sccm=standard cubic centimeter per minute (also Nml per minute; Nml=standard millimeter)
bar=0.1 MPa=105 Pa (Pa=Pascal=pressure)
KT 1, KT 2 etc. are here the different cathodes of an inline process, past which a substrate—here glass—is successively moved.
m=number greater than or equal to zero.
The TiO2 layer has here a double function as an anti-reflecting dielectric and as a seed layer or blocker for the succeeding silver layer. Application of the TiO2 layer as three layers (KT 2, KT 3, KT 4) takes place for the reason that at given substrate rate one cathode alone would not yield the adequate layer thickness. For the same reason the Si3N4:Om layer is applied in two steps. Before tempering, none of the layers had a gradient. Special doping in the target material of the sputter process was omitted.
The dielectric layers—Si3N4 and TiO2—are preferably sputtered from rotating magnetrons. For the TiO2 layer ceramic TiOx target can be utilized, which can be sputtered using MF techniques (approximately 10 kHz to 80 kHz) or AC techniques or also DC techniques.
The Ag layer and the NiCrOx layers are typically sputtered from metallic targets by means of DC techniques. For all processes planar and/or rotating targets are conceivable. For TiO2 and Si3N4 coatings rotating targets have preferably been used for some time. For Ag and NiCrOx layers planar targets are conventionally used, however rotating targets are also feasible.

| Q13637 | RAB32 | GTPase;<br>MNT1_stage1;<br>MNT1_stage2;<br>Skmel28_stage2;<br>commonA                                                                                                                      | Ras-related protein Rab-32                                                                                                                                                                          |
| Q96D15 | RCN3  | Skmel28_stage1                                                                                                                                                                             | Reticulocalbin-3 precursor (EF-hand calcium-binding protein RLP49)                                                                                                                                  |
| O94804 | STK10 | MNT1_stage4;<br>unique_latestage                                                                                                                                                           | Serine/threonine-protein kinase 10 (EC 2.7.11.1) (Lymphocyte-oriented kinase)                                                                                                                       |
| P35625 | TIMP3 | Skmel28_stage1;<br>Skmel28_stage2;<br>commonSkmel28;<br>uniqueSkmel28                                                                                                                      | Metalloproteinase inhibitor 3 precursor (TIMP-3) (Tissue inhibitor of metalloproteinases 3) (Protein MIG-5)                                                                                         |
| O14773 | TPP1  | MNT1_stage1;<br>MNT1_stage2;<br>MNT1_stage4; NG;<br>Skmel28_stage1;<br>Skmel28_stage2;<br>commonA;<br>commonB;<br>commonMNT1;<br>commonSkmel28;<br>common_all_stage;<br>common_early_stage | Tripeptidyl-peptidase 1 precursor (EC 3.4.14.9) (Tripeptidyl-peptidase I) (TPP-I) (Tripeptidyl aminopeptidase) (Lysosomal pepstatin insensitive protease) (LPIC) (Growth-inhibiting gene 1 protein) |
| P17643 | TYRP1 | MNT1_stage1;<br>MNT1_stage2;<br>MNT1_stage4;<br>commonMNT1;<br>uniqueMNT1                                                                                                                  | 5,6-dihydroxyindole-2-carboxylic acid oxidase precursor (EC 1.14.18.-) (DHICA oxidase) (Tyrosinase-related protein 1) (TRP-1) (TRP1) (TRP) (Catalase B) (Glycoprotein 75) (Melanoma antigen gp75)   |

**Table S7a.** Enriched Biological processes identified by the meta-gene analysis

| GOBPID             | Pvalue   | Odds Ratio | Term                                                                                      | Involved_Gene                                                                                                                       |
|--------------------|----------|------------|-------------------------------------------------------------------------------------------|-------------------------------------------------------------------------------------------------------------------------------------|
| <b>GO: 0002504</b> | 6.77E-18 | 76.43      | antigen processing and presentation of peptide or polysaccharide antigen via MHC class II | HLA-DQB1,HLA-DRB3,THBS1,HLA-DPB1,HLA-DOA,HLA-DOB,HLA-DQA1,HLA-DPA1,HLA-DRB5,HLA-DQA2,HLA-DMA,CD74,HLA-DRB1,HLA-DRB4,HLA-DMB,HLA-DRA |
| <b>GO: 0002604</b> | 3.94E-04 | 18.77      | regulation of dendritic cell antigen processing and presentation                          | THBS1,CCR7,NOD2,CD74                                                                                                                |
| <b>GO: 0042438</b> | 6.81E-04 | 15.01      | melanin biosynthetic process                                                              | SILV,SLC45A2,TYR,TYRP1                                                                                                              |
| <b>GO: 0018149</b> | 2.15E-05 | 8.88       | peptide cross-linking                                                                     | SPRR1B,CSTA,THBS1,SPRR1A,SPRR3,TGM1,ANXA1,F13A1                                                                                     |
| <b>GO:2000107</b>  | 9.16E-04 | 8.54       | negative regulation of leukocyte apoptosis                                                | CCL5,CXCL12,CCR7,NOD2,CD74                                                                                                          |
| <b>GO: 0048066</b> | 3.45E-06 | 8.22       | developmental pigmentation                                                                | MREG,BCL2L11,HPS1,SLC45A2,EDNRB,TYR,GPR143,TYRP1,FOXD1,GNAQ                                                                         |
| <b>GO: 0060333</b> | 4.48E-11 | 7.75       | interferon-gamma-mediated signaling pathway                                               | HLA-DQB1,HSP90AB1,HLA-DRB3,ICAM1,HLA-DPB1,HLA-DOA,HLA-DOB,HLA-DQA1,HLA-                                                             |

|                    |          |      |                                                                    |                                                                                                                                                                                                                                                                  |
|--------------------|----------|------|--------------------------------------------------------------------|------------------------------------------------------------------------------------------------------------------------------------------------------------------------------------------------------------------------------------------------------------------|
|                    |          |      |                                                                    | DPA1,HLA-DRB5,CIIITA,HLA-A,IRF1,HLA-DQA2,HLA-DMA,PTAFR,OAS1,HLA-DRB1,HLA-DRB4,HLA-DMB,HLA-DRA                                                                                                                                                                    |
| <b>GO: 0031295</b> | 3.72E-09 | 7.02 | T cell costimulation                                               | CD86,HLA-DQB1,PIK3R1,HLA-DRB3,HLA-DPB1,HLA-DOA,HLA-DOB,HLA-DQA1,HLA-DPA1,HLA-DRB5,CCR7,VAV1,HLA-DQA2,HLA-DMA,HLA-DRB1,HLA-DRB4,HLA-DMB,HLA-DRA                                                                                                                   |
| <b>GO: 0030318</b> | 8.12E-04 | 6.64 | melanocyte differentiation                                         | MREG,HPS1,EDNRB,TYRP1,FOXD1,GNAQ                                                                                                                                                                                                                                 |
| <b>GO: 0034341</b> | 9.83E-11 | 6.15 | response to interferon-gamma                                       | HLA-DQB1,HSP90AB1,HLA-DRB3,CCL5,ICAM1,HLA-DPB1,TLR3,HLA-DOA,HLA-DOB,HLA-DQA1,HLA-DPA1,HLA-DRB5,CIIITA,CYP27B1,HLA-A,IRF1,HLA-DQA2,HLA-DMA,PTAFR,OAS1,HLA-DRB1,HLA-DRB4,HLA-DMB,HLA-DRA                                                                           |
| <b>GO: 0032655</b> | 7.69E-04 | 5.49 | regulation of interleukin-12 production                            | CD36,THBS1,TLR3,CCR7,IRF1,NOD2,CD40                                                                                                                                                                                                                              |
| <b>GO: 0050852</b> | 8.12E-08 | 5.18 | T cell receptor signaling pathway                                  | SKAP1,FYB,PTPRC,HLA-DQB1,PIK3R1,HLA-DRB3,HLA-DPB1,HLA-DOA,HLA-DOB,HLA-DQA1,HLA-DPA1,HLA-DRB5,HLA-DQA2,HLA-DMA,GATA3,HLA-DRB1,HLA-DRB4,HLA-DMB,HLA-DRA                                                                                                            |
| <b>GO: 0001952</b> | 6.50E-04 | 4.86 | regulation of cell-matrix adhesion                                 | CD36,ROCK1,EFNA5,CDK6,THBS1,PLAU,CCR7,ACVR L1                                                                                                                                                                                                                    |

As is evident based on Table 1, only small quantities of oxygen are required in the Si3N4 processes. A high pressure is required in the concluding Si3N4. Si3N4:O can generally also be written as SixNyOz, wherein x/y≦0.75 and y/z≧4 applies. The maximum oxygen flow for the NiCrOx process occurs on the metal branch of the hysteresis, for which narrow apertures and a gas inlet below this aperture in the sputter chamber are preconditions.
The right columns of Table 1 show ratios N2:O2≧20:1. However, the layers can also be generated for example at a gas flow ratio of N2:O2=4:1. The layer composition does not reflect this gas flow ratio of N2:O2. Rather different parameters exert their influence if relatively more oxygen than nitrogen is found in the layers.
By metal branch of the hysteresis the following is understood: if the characteristic at constant power and increasing oxygen flow is plotted against the generator data (current, voltage), the voltage increases up to a certain point, the breakover point. If the oxygen quantity is further increased, the voltage decreases markedly. The process has tipped over from metal mode into oxide mode. If the oxygen is again decreased, a point is reached at which the process tips back again into metal mode. However, the two breakover points are not identical, rather the curve describes a hysteresis (cf. FIG. 1 of EP 0 795 890 A2).
The small quantities of nitrogen in the TiO2 processes are not unusual per se and typical when using metallic targets for the process stabilization. When employing ceramic targets, the nitrogen can be omitted. It is probable that due to the higher pressure and the oxygen in the uppermost layer of Si3N4:O two parameters are available, which permit the setting of the barrier effect and/or of the internal mechanical layer stress conformed to the coating and the coating installation.
This applies analogously also to the Si3N4 base layer (KT 1), however, here the increased sputter pressure does not yield any advantages.